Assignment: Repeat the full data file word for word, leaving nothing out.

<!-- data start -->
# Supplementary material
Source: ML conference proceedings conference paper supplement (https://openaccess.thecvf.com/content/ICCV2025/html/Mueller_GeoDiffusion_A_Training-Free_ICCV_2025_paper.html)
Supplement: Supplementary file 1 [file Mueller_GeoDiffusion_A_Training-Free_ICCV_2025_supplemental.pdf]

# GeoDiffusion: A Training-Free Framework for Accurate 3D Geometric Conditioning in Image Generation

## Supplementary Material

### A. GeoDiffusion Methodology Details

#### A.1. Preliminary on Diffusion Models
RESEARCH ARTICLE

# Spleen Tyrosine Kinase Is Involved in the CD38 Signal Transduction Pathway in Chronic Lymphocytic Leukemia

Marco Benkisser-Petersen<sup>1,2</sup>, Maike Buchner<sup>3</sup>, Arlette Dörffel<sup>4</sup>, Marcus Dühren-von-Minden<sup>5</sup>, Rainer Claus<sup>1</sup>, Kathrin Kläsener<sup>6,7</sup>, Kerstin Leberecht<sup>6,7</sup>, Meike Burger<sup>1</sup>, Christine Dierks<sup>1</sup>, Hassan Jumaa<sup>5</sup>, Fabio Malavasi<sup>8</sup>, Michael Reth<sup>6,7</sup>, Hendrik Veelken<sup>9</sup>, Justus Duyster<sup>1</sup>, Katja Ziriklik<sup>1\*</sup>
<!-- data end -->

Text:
# Supplementary material
Source: ML conference proceedings conference paper supplement (https://openaccess.thecvf.com/content/ICCV2025/html/Mueller_GeoDiffusion_A_Training-Free_ICCV_2025_paper.html)
Supplement: Supplementary file 1 [file Mueller_GeoDiffusion_A_Training-Free_ICCV_2025_supplemental.pdf]

# GeoDiffusion: A Training-Free Framework for Accurate 3D Geometric Conditioning in Image Generation

## Supplementary Material

### A. GeoDiffusion Methodology Details

#### A.1. Preliminary on Diffusion Models
RESEARCH ARTICLE

# Spleen Tyrosine Kinase Is Involved in the CD38 Signal Transduction Pathway in Chronic Lymphocytic Leukemia

Marco Benkisser-Petersen<sup>1,2</sup>, Maike Buchner<sup>3</sup>, Arlette Dörffel<sup>4</sup>, Marcus Dühren-von-Minden<sup>5</sup>, Rainer Claus<sup>1</sup>, Kathrin Kläsener<sup>6,7</sup>, Kerstin Leberecht<sup>6,7</sup>, Meike Burger<sup>1</sup>, Christine Dierks<sup>1</sup>, Hassan Jumaa<sup>5</sup>, Fabio Malavasi<sup>8</sup>, Michael Reth<sup>6,7</sup>, Hendrik Veelken<sup>9</sup>, Justus Duyster<sup>1</sup>, Katja Ziriklik<sup>1\*</sup>